By Joe Naiman
Two bills introduced in the state Legislature to provide relief from the fire tax imposed on property owners in state responsibility areas have the support of San Diego County supervisors.
The supervisors directed the county’s chief administrative officer to draft a letter expressing their support for Assembly Bill 1519 and Senate Bill 832.
“I think this action today would send a message to Sacramento,” said Supervisor Dianne Jacob, board chair.
“Supervisor Jacob and I feel strongly that the SRA fee is illegal taxation, with no increase in fire protection or fire safety,” said Supervisor Bill Horn. “In addition to legislation that repeals the fee, which the board was already on record supporting, the county will now support any state legislation that repeals, reduces or exempts people or geographical areas from having to pay the tax.”
In 2011, the California Legislature made property with habitable structures in a firefighting state responsibility area subject to the $150 annual State Responsibility Area Fire Prevention Benefit Fee, leaving implementation to the Board of Forestry.
Cal Fire’s primary responsibility is wildland fire prevention and suppression, which the state law noted includes areas within local fire districts. Owners of structures within the boundaries of a local fire protection agency such as Ramona Municipal Water District receive a $35 reduction but must pay the remainder of the tax along with the taxes or benefit fees they pay to the local fire agency.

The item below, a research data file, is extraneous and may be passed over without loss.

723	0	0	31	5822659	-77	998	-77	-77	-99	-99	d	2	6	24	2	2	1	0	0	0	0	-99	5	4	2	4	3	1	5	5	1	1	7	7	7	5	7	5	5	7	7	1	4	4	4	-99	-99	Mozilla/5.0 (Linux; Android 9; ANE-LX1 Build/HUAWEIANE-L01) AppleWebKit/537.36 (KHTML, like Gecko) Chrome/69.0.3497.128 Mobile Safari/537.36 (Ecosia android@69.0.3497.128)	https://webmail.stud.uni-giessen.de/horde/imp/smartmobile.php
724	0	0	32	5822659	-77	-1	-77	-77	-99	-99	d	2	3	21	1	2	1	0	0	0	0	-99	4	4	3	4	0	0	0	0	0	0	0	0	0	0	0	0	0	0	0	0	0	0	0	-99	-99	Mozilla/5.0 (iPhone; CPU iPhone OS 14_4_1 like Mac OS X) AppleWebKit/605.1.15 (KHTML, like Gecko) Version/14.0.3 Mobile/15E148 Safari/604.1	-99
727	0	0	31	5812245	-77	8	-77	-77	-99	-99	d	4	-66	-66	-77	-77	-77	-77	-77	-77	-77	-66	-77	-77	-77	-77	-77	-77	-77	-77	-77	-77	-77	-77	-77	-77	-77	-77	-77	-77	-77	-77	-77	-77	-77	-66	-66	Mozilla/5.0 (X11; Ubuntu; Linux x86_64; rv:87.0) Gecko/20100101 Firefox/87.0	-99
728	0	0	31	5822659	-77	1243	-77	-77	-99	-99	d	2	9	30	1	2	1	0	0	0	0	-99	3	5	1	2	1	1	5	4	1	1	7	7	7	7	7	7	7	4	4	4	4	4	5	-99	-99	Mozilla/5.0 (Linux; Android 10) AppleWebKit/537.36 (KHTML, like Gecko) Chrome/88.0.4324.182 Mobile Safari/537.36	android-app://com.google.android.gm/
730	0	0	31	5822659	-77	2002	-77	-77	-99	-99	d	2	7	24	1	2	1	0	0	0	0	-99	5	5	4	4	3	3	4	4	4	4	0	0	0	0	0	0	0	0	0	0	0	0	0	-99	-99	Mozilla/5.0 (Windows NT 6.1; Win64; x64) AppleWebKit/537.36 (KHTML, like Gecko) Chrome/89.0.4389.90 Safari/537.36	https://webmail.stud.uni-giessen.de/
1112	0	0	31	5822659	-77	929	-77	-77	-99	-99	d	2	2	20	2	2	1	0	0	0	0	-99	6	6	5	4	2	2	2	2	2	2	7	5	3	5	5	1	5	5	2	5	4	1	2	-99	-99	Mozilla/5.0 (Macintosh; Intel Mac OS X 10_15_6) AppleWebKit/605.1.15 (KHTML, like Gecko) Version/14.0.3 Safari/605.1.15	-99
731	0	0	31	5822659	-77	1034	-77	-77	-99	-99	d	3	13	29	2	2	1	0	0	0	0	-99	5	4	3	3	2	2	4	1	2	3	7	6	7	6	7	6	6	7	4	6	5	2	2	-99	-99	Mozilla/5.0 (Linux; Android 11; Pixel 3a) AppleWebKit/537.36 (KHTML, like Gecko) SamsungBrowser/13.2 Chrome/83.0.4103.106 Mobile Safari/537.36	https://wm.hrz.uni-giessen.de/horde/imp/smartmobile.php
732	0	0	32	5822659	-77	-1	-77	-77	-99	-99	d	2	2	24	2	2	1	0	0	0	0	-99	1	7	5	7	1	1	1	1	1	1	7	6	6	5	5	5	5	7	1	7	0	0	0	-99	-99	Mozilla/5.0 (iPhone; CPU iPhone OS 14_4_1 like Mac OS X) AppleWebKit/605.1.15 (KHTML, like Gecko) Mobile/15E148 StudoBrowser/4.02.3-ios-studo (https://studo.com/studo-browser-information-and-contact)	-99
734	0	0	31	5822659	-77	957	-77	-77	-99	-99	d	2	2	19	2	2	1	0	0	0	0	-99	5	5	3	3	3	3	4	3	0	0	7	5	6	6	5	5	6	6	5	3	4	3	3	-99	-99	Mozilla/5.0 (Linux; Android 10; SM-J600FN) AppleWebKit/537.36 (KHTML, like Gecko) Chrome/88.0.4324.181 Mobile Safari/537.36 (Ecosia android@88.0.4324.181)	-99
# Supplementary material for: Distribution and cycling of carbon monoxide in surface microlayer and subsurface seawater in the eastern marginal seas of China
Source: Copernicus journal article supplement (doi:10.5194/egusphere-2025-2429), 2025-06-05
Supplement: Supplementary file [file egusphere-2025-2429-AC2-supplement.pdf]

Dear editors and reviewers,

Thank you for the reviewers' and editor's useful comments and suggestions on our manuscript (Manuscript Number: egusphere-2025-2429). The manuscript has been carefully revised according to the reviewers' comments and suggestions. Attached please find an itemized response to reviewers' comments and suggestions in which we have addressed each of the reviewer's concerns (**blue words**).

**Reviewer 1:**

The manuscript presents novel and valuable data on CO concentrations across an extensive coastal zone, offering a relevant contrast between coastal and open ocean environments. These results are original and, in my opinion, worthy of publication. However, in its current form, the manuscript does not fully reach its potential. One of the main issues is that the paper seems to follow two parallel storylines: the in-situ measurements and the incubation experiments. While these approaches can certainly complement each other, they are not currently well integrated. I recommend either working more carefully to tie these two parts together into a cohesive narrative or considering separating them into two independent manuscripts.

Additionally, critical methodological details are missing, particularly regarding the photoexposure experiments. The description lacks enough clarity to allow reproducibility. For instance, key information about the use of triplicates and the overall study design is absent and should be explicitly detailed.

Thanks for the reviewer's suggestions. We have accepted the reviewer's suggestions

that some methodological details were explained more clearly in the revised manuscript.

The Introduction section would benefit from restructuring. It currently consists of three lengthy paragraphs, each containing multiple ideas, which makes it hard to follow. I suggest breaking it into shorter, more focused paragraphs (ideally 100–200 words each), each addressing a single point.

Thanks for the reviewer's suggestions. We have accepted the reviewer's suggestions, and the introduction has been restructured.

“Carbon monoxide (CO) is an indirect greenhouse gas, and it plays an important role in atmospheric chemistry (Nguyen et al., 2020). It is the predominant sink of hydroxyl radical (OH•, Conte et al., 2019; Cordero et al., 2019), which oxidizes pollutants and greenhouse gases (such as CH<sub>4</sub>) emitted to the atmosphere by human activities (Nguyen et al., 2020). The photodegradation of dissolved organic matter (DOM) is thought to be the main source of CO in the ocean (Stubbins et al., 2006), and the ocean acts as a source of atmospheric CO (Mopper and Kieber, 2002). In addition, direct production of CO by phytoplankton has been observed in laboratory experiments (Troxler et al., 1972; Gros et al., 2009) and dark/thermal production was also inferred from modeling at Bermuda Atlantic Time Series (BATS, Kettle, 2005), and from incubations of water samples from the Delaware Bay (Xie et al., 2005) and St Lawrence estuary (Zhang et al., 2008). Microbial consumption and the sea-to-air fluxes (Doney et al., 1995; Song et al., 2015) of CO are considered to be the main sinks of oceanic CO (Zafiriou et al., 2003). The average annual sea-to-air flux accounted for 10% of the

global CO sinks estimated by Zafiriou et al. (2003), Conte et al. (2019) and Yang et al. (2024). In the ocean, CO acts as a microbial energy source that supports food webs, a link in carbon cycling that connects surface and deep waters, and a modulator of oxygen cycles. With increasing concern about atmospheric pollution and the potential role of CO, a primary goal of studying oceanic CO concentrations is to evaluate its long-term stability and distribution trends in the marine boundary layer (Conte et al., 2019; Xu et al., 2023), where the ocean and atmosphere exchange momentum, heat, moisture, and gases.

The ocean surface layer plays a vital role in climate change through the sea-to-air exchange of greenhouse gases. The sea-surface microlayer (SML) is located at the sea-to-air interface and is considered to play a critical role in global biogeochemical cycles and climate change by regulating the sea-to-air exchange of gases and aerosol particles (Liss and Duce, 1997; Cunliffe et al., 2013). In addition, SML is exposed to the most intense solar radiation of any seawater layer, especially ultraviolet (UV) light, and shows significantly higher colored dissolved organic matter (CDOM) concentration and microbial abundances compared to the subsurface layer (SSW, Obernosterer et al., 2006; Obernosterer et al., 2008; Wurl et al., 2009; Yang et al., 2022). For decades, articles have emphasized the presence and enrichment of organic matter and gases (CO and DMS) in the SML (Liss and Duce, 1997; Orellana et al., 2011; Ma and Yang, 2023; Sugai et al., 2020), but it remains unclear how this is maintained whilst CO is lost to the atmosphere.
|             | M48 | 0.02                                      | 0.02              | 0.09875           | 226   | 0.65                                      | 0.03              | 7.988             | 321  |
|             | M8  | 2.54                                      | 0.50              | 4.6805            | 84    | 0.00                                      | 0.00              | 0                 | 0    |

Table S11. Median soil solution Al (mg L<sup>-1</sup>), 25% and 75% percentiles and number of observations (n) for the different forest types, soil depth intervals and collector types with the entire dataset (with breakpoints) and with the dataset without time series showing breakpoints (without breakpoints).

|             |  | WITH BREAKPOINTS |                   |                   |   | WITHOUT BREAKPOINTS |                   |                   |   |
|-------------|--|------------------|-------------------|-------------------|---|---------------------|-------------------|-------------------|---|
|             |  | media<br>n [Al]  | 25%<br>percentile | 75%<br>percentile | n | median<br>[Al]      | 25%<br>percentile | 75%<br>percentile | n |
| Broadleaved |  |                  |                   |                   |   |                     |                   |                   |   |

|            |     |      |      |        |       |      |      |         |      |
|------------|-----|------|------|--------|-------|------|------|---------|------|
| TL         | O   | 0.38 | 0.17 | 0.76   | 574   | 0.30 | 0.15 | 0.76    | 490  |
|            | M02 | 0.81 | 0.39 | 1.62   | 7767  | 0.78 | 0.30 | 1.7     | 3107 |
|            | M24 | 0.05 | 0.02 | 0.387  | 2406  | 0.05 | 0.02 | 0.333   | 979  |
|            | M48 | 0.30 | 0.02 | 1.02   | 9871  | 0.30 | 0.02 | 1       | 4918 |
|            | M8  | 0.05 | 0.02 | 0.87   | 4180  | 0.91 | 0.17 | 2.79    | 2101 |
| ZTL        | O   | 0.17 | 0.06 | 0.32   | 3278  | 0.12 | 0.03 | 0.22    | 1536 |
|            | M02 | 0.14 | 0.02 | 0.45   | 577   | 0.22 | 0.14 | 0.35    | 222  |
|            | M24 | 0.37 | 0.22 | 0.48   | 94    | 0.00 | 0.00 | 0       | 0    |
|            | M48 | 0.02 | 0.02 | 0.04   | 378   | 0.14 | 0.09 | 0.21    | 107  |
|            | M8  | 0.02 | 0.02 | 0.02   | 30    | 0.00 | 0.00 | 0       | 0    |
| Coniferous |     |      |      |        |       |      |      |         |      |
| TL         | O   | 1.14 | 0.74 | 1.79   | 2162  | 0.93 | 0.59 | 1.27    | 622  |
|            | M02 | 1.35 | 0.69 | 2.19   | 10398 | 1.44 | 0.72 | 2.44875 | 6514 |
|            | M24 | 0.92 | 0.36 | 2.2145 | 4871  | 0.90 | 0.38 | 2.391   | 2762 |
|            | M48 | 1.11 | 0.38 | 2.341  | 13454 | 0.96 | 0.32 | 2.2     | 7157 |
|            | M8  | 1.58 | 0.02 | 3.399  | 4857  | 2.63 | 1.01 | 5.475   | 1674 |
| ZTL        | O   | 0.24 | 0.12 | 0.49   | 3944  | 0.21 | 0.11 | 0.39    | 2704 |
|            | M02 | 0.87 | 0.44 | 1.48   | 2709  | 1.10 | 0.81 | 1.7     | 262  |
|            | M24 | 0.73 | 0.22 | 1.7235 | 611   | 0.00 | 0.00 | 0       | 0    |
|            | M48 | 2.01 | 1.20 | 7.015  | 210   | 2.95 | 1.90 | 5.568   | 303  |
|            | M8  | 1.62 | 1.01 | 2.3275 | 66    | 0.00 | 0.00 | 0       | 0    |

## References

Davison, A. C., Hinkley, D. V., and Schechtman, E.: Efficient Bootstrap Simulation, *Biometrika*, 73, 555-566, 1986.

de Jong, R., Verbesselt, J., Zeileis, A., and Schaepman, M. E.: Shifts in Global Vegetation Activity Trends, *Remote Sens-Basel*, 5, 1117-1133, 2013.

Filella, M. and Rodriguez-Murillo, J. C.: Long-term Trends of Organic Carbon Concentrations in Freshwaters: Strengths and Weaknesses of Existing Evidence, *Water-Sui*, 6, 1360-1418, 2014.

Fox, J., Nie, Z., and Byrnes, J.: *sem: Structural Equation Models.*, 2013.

“It punishes homeowners who are already doing their part to pay for services in our fire-prone backcountry,” Jacob said.
The law imposes a civil penalty for each 30 days the assessment remains unpaid.
AB 1519 was introduced by Tim Donnelly, a Republican whose district office is in Hesperia, and would eliminate the penalty for unpaid fees.
The assessment is being challenged in court by the Howard Jarvis Taxpayers Association, which is arguing that the fee is actually a tax that requires voter approval. AB 1519 has been assigned to the Assembly’s Natural Resources Committee.
Ted Gaines, a Republican with district offices in Redding and El Dorado Hills, introduced SB 832. Initially SB 832 exempted the owner of a structure that has been destroyed or significantly damaged by a natural disaster. On Feb. 14, the Senate’s Natural Resources and Wildlife Committee amended to eliminate the fire fee.
San Diego County supervisors previously included repeal of the fire tax in their legislative program but had not authorized support for legislation that reduces the tax or exempts all or specific populations or areas.
Approximately 74,000 properties in San Diego County are within the state responsibility area, including about 11,000 structures in Ramona.
“I just want to get rid of this tax,” Horn said.